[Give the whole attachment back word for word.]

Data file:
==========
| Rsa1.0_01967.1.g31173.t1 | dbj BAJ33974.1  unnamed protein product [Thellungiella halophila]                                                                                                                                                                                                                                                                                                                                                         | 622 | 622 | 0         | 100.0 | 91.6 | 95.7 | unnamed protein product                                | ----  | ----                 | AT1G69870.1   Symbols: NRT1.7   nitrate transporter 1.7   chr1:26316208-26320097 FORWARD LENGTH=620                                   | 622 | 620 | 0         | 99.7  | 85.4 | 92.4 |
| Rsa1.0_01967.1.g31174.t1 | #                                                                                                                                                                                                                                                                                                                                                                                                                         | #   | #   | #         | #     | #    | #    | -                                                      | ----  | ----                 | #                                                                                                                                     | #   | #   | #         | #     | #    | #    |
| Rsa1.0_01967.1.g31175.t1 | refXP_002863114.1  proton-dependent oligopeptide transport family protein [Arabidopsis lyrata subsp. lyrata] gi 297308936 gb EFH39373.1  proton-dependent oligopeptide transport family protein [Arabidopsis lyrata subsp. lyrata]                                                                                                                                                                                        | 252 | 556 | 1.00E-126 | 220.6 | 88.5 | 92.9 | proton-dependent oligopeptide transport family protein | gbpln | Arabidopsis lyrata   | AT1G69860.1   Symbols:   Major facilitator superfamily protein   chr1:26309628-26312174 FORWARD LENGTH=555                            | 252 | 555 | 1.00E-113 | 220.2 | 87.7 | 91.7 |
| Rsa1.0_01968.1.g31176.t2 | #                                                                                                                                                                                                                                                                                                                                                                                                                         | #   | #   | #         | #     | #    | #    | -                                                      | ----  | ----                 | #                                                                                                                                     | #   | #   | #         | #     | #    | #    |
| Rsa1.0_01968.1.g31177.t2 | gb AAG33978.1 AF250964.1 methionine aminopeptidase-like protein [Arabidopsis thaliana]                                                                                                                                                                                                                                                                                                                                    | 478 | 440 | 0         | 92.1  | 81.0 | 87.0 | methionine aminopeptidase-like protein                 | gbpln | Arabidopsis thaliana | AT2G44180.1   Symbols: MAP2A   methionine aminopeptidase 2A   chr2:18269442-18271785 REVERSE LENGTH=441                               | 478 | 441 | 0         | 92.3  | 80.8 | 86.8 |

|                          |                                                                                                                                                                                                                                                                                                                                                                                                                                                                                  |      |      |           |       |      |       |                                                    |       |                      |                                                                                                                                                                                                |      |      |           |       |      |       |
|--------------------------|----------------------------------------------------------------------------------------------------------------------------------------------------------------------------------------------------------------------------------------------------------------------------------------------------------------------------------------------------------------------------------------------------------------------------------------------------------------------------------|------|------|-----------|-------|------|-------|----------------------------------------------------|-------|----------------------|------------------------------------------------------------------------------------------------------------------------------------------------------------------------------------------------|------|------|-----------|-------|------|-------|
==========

| Rsa1.0_01967.1.g31173.t1 | dbj BAJ33974.1  unnamed protein product [Thellungiella halophila]                                                                                                                                                                                                                                                                                                                                                         | 622 | 622 | 0         | 100.0 | 91.6 | 95.7 | unnamed protein product                                | ----  | ----                 | AT1G69870.1   Symbols: NRT1.7   nitrate transporter 1.7   chr1:26316208-26320097 FORWARD LENGTH=620                                   | 622 | 620 | 0         | 99.7  | 85.4 | 92.4 |
| Rsa1.0_01967.1.g31174.t1 | #                                                                                                                                                                                                                                                                                                                                                                                                                         | #   | #   | #         | #     | #    | #    | -                                                      | ----  | ----                 | #                                                                                                                                     | #   | #   | #         | #     | #    | #    |
| Rsa1.0_01967.1.g31175.t1 | refXP_002863114.1  proton-dependent oligopeptide transport family protein [Arabidopsis lyrata subsp. lyrata] gi 297308936 gb EFH39373.1  proton-dependent oligopeptide transport family protein [Arabidopsis lyrata subsp. lyrata]                                                                                                                                                                                        | 252 | 556 | 1.00E-126 | 220.6 | 88.5 | 92.9 | proton-dependent oligopeptide transport family protein | gbpln | Arabidopsis lyrata   | AT1G69860.1   Symbols:   Major facilitator superfamily protein   chr1:26309628-26312174 FORWARD LENGTH=555                            | 252 | 555 | 1.00E-113 | 220.2 | 87.7 | 91.7 |
| Rsa1.0_01968.1.g31176.t2 | #                                                                                                                                                                                                                                                                                                                                                                                                                         | #   | #   | #         | #     | #    | #    | -                                                      | ----  | ----                 | #                                                                                                                                     | #   | #   | #         | #     | #    | #    |
| Rsa1.0_01968.1.g31177.t2 | gb AAG33978.1 AF250964.1 methionine aminopeptidase-like protein [Arabidopsis thaliana]                                                                                                                                                                                                                                                                                                                                    | 478 | 440 | 0         | 92.1  | 81.0 | 87.0 | methionine aminopeptidase-like protein                 | gbpln | Arabidopsis thaliana | AT2G44180.1   Symbols: MAP2A   methionine aminopeptidase 2A   chr2:18269442-18271785 REVERSE LENGTH=441                               | 478 | 441 | 0         | 92.3  | 80.8 | 86.8 |

|                          |                                                                                                                                                                                                                                                                                                                                                                                                                                                                                  |      |      |           |       |      |       |                                                    |       |                      |                                                                                                                                                                                                |      |      |           |       |      |       |
|--------------------------|----------------------------------------------------------------------------------------------------------------------------------------------------------------------------------------------------------------------------------------------------------------------------------------------------------------------------------------------------------------------------------------------------------------------------------------------------------------------------------|------|------|-----------|-------|------|-------|----------------------------------------------------|-------|----------------------|------------------------------------------------------------------------------------------------------------------------------------------------------------------------------------------------|------|------|-----------|-------|------|-------|